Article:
11 January 2019
The inherent jurisdiction of the Royal Court of Jersey (the Court) underpins its ability to grant an injunction. This gives the court the flexibility to grant an injunction where it appears just and convenient to do so and on bespoke terms. Whilst not binding in Jersey, the court has and continues to find English judgements on the subject persuasive. In relation to freezing orders, the court’s approach has generally mirrored that of the English courts.
The court also has a statutory jurisdiction under the Jersey insolvency legislation to grant injunctions to assist the courts of a prescribed list of countries (currently the United Kingdom, the Isle of Man, Guernsey, Finland and Australia).
Whilst this article is limited to a summary of freezing orders in a civil context, it is worth noting that the court also has the ability to make a number of other orders which can give a creditor an advantage with seeking to recover what is due. By way of example, the granting of search and seizure (Anton Piller) orders and third party documentation production (Norwich Pharmacal) orders are well trodden paths in Jersey.
Previously known as a ‘Mareva injunction, a freezing order is probably the most common type of injunction applied for in Jersey. The effect of a freezing order is to prevent an affected party from dealing with the assets that are the subject of the order to the prejudice of the applicant. An application for a freezing order is often accompanied by a request for the disclosure of documentation relating to the asset base of the defendant (from the defendant directly and/or from third parties) to ensure that the freezing order can be policed.
A freezing order can be applied for pre and post judgment, as part of substantive legal proceedings in Jersey and also in support of substantive legal proceedings in a foreign jurisdiction. It can also be applied for in connection with Jersey or foreign arbitration proceedings.
Typically, a freezing order will be sought on an ex parte basis (without notice to the other party or parties). The principal reason for this is that if a defendant is notified of the application beforehand, it might take steps to try and put assets beyond the creditor’s reach.
As the other parties are not represented at an ex parte hearing, the party seeking the freezing order must give full and frank disclosure of all matters in the party’s knowledge which the judge needs to know about (which includes all material points against the granting of the freezing order). Non-disclosure is a common reason for a freezing order being lifted. The court has gone as far to say that it may lift a freezing order on the grounds of innocent non-disclosure even where that disclosure, had it been made, would not have stopped the freezing order being granted. Although freezing orders are often made in haste, the court has held that a rushed application is not an excuse for deficient disclosure.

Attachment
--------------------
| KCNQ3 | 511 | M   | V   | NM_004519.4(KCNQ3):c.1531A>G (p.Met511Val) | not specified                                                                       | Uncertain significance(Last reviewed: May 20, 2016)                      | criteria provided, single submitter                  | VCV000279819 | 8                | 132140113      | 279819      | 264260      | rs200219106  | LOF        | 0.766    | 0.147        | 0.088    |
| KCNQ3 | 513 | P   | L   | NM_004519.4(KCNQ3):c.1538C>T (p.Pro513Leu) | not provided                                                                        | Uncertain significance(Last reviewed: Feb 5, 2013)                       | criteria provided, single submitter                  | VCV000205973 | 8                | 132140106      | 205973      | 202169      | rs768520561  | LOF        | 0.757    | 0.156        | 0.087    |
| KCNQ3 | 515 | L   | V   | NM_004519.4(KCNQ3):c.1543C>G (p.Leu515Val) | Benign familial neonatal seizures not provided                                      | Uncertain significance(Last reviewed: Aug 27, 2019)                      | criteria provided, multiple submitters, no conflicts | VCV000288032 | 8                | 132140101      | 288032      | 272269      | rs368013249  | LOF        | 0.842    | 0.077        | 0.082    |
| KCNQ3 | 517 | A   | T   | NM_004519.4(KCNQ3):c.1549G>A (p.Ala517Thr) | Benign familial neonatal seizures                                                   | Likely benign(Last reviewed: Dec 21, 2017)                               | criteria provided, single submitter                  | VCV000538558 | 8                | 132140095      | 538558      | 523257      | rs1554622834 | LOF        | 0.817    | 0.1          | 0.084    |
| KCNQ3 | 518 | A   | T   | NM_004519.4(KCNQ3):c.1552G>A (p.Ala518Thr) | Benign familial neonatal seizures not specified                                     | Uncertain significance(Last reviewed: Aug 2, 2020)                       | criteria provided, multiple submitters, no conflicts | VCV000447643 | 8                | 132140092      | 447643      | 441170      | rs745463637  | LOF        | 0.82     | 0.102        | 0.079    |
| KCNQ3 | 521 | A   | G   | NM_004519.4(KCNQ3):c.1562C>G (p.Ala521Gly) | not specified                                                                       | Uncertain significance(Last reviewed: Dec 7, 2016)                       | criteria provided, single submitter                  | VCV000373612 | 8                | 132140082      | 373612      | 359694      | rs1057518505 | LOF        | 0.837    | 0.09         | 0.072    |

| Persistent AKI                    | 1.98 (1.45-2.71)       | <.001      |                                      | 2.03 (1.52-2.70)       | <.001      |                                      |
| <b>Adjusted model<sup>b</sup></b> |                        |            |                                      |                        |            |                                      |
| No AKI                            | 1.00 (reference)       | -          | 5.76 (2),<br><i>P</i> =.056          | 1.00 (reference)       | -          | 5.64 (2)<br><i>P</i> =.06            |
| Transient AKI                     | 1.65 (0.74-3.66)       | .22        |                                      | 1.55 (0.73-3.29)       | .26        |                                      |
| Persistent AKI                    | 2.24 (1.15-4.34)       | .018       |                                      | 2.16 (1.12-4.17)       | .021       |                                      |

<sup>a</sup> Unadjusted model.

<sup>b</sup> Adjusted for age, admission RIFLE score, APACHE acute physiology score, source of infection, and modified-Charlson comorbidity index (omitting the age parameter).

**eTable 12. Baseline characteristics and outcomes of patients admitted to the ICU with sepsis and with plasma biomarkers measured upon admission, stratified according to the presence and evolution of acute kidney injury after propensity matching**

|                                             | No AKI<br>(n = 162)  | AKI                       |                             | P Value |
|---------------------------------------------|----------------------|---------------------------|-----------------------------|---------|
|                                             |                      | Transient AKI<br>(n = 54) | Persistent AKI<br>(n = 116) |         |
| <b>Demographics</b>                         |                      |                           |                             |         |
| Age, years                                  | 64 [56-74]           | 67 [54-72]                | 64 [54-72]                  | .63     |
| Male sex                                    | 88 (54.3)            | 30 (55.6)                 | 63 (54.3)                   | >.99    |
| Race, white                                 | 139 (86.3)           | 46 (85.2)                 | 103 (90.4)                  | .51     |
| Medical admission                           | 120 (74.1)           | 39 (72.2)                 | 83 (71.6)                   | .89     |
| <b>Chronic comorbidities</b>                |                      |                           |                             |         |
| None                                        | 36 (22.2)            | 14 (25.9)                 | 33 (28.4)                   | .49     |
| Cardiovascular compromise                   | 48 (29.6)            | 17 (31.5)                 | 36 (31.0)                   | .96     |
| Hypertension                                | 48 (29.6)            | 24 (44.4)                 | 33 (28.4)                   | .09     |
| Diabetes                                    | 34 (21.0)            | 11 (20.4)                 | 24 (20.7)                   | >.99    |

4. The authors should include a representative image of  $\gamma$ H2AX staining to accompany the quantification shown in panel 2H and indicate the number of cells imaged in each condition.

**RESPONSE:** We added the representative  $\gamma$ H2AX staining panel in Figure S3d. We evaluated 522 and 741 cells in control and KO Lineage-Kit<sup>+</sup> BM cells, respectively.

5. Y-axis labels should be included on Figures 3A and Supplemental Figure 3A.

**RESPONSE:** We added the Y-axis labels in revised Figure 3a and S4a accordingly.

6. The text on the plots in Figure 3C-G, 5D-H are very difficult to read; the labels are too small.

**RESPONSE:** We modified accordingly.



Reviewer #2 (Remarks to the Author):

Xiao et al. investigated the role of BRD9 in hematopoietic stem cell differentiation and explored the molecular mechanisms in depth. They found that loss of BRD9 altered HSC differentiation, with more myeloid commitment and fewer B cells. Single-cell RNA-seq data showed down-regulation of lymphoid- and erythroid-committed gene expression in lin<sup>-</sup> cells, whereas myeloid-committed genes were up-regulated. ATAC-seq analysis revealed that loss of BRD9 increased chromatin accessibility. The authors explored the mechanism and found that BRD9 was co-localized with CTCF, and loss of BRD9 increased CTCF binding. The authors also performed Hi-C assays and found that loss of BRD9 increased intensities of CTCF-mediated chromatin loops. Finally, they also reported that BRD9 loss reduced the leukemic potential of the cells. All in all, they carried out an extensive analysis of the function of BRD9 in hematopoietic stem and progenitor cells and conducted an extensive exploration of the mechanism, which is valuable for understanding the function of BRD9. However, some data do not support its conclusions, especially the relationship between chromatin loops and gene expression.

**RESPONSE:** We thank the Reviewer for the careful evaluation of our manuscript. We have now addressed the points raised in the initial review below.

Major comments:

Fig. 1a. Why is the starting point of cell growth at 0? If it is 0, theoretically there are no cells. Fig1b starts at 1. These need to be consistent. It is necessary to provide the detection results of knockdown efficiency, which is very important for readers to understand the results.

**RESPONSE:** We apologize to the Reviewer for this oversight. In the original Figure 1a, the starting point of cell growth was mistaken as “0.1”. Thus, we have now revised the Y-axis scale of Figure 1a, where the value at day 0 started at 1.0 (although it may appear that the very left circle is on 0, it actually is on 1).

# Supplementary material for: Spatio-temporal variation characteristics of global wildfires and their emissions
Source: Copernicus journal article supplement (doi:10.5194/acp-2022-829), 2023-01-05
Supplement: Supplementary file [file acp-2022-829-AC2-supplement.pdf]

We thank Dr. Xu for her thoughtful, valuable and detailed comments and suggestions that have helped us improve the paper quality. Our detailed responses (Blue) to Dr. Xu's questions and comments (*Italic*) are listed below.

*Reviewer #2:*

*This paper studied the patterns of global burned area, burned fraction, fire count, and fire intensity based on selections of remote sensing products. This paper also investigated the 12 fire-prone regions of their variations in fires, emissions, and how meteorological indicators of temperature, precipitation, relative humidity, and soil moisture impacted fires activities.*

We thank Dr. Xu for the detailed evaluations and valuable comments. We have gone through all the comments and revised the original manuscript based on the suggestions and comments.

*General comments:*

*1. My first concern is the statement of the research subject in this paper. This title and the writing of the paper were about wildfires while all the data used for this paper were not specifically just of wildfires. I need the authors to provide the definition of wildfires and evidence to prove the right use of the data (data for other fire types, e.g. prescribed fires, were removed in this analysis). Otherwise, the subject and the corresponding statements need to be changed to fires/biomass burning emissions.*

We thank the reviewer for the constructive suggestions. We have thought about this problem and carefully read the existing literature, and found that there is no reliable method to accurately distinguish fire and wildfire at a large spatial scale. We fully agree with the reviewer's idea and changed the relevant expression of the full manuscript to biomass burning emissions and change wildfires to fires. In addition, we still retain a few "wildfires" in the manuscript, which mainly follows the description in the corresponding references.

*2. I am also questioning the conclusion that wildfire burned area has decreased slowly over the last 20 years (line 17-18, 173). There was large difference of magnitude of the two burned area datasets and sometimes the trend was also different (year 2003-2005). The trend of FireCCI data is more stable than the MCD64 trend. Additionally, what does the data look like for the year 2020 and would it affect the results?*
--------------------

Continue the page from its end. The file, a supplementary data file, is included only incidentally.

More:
To apply for a freezing order, the applicant will have to:
- demonstrate that it has a good, arguable case; confirm that it has made full and frank disclosure (as set out above);
- provide particulars of its claim against the defendant;
- state its grounds for believing that the defendant has assets in Jersey (which can include assets held on trust); and
-explain why there is a risk of those assets being dissipated.
In addition to the above, the applicant will need to give an undertaking in damages, so that if the freezing order is lifted and/or the defendant succeeds in defending the substantive action, the applicant is bound to compensate the defendant for any loss suffered under the terms of the freezing order.
Security for that undertaking (a payment) might be required. The applicant will also likely need to meet the legal costs of any party cited who is affected by the freezing order.
Even if the above criteria are satisfied, the court still retains a discretion that it may only grant the freezing order if it considers that it is just and convenient to do so.
If the freezing order is granted on an ex parte basis, it will be necessary to serve the same on the other parties. If applicable, an order for leave to serve the freezing order out of the jurisdiction on parties outside of Jersey will need to be obtained beforehand. The matter will then return before the court so that the matter can be heard on an inter partes basis.
Having been served with a freezing order, it is open to the defendant (and/or any parties cited, albeit that they are generally neutral to the application) to apply to the court to lift or vary the freezing order.
Reasonable living and business expenses
Ordinarily, an allowance will be made for the defendant to use funds to pay reasonable living or ordinary bona fide business expenses and legal fees from the frozen assets unless sufficient assets are available elsewhere. An applicant can seek to extinguish a defendant’s allowance in certain circumstances where a well founded proprietary claim against specific assets is made (for example, that misappropriated funds identified in a bank account belong solely to the applicant).
Breaching a freezing order
If the defendant and/or a party cited breaches the freezing order, they will be in contempt of court and liable to pay a fine and/or be imprisoned (although special rules apply to a bank’s security and right of set-off against funds held in a bank account).
Jersey is a reputable and highly regulated financial centre. It has a sophisticated, responsive and modern legal framework. The court has repeatedly demonstrated a willingness to ensure that a creditor’s efforts are not rendered nugatory by a defendant putting assets beyond their reach. However, an applicant must tread carefully when seeking a freezing order. It’s a powerful tool, but it carries with it potentially significant exposure should things not go to plan.